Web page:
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Ouya On Sale for $99 in June, Already Up for Pre-order

By - Source: Wall Street Journal | B 22 comments

Ouya is officially on the way, just in time for E3.

This past summer, the gaming world was buzzing with talk of Ouya, the $99 gaming console that runs on Google's Android operating system. What started off as a Kickstarter appeal blossomed into a movement, with over $8.5 million in donations from gamers around the world. Over the holidays, the system starting shipping to developers and Ouya revealed that it planned to ship over a thousand units to developers all around the world. Now we have an update on a release for the consumer version of the system.

 

The news was first confirmed to the Wall Street Journal by CEO Julie Uhrman. Uhrman told the Journal that the console would go on sale for $99 in June of this year, adding that Amazon, GameStop, Target, and Best Buy would be stocking the device. During her interview, Uhrman said pre-orders for Ouya would kick off today, February 5. Sure enough, at time of writing, the console was already listed on Amazon.

 

Pricing is set at $99, with extra controllers ringing in at $49.99. Your initial $99 purchase will net you the Ouya and one controller, so it's likely you'll want to add a second one to your cart from the get go. The $99 package contains one Ouya game console, one wireless controller with removable faceplates, an HDMI cable, two AA batteries, and a power adapter.

Ouya has certainly come a long way since it launched on Kickstarter last summer. The project is a perfect example of the Kickstarter model, which involves individuals backing projects they want to see come to fruition.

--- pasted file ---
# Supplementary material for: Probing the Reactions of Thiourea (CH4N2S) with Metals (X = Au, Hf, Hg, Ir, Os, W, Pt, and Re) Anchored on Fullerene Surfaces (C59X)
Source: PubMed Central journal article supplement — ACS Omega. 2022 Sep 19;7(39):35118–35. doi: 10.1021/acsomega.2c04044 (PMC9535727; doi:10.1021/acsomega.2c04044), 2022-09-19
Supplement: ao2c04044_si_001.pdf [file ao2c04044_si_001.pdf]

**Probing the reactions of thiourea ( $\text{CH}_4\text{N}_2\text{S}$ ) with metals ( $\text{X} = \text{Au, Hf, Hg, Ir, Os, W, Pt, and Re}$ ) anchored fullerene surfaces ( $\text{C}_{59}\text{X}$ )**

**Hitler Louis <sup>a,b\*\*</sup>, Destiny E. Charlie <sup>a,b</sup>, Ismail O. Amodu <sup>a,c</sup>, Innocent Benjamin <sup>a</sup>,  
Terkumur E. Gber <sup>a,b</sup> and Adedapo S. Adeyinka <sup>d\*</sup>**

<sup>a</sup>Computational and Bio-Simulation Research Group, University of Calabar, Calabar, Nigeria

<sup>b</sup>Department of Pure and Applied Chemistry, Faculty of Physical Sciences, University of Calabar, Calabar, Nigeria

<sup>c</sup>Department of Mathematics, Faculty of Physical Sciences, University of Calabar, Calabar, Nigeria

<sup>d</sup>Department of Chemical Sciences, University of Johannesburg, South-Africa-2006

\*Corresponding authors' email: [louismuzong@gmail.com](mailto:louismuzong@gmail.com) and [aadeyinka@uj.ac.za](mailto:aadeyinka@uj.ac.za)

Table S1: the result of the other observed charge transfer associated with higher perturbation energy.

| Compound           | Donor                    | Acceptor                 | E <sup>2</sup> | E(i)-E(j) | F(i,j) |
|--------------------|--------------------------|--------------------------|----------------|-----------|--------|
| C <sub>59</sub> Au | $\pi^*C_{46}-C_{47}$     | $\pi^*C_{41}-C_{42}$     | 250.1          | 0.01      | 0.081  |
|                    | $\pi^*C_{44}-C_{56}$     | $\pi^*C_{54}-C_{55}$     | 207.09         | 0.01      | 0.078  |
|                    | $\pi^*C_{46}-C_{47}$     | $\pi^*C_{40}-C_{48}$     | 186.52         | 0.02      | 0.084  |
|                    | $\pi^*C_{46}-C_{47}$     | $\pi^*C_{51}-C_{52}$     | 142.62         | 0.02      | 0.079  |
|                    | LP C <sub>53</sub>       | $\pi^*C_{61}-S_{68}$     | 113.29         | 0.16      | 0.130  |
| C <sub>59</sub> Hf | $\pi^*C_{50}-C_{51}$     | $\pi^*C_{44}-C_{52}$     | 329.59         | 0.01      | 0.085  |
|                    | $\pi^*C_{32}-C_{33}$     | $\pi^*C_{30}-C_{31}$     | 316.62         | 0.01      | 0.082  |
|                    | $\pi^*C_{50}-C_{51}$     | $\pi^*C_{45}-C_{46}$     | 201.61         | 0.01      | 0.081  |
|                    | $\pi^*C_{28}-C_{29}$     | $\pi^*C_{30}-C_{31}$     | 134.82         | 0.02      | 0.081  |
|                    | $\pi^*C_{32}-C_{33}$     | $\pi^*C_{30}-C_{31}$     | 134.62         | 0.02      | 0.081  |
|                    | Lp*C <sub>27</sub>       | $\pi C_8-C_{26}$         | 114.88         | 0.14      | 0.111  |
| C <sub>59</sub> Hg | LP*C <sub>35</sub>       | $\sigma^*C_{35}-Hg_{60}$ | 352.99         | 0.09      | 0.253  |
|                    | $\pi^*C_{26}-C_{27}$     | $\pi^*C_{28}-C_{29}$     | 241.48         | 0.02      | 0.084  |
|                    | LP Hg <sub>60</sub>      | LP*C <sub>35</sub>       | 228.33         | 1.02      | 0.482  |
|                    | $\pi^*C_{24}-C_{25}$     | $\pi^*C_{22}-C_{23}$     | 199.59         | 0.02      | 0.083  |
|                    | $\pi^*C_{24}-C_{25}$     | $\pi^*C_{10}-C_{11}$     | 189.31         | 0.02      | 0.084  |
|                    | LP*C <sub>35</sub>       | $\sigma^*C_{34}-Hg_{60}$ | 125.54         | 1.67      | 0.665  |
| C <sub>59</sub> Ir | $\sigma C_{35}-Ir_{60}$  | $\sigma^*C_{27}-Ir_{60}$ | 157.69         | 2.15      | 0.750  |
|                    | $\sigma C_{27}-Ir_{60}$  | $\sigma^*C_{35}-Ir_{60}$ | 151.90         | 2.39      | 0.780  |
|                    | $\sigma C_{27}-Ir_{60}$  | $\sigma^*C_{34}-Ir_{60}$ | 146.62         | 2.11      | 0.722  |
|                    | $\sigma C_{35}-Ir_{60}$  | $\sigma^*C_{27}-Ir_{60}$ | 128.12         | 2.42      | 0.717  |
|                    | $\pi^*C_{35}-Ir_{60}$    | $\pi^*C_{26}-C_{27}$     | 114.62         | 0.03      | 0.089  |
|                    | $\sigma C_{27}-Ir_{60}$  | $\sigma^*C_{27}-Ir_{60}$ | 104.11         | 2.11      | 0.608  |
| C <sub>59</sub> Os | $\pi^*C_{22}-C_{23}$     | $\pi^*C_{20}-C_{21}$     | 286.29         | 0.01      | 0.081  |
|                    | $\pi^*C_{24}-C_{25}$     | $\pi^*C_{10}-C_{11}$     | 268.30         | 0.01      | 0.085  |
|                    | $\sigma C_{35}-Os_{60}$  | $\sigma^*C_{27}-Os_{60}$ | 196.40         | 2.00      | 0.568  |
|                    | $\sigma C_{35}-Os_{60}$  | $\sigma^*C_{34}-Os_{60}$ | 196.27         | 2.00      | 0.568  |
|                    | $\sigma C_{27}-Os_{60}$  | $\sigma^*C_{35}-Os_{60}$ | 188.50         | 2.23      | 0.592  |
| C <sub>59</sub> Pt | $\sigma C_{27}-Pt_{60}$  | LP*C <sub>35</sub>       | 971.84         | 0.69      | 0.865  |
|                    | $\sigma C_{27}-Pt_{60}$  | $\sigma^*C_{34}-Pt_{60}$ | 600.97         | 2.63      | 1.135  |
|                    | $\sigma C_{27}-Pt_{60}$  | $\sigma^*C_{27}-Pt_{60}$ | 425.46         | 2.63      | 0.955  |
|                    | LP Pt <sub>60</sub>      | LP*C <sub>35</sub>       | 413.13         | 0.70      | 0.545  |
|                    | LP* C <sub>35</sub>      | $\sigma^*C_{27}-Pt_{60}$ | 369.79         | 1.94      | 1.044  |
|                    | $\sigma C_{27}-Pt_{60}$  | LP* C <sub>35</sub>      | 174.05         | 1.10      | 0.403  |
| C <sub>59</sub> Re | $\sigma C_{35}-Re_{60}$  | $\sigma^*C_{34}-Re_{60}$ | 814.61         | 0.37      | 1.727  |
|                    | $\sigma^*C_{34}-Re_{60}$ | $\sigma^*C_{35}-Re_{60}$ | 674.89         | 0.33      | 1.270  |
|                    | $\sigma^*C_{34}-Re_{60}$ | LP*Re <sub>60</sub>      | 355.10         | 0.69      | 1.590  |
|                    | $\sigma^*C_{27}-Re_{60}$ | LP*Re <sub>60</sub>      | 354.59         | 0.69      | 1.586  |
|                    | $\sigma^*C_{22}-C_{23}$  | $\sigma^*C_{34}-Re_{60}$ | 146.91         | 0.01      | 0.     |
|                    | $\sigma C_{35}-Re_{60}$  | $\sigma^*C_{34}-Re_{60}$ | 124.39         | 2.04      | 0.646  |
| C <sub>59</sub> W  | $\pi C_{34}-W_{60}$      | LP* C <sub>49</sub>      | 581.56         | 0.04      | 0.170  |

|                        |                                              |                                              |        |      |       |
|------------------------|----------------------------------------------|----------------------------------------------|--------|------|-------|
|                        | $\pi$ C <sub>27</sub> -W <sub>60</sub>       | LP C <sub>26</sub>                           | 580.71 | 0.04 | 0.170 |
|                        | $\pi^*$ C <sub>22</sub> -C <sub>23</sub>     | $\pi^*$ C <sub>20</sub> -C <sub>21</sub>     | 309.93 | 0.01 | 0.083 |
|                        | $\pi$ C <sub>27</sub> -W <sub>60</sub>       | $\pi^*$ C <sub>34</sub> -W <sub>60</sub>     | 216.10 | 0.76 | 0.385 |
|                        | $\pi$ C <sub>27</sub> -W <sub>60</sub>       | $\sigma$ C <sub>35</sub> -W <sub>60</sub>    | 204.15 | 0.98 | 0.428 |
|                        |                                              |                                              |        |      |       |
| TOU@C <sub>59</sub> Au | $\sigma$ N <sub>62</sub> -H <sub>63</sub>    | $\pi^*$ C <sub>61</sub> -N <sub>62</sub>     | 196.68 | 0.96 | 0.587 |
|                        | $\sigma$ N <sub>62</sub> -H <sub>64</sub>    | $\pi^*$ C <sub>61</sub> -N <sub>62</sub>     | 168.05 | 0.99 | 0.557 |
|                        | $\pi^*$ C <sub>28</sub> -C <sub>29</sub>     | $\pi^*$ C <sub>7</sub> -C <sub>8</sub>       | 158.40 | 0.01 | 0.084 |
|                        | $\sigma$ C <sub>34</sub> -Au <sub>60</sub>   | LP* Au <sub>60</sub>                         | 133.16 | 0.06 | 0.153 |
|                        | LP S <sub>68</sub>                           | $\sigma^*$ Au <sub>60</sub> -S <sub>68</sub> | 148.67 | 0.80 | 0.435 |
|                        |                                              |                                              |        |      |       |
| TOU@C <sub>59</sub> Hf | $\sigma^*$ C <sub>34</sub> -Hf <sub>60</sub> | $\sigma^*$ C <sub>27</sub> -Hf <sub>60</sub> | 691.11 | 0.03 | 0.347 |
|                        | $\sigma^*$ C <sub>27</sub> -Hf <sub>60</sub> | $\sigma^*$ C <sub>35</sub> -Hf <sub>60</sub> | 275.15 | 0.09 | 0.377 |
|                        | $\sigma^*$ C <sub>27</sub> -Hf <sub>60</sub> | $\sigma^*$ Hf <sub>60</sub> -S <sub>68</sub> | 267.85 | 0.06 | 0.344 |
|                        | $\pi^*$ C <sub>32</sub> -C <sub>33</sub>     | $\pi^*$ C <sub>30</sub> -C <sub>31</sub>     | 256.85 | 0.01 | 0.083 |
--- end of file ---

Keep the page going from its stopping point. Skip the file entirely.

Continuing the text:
Ouya boasts Nvidia's Tegra 3 processor clocked to 1GHz, 1 GB of RAM, 8 GB of internal flash storage (expandable via USB), MicroUSB x 1, USB 2.0 x 1, WiFi 802.11 b/g/n, Ethernet, Bluetooth, and HDMI out.

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  • 3 Hide
    casualcolors , February 5, 2013 2:04 PM
    Ouya? Ewwno. For all the namedropping going on with this console and the upcoming Steambox, neither company has yet to justify the existence of either product to me as a consumer. Why is it that I am supposed to want these things? At the moment, roughly understanding the hardware and software platform of each console, I don't have any desire to use either.
  • 3 Hide
    hixbot , February 5, 2013 2:05 PM
    The D-pad looks to be similiar to the Xbox 360 D-pad (terrible).
    It's too bad, because when playing retro games on emulator, a good D-pad is critical.
  • 2 Hide
    Anonymous , February 5, 2013 2:27 PM
    I am actually looking forward to this.

    I wonder how well this runs a linux distro, would be great as a Steam For Linux Box
  • Display all 22 comments.
  • 6 Hide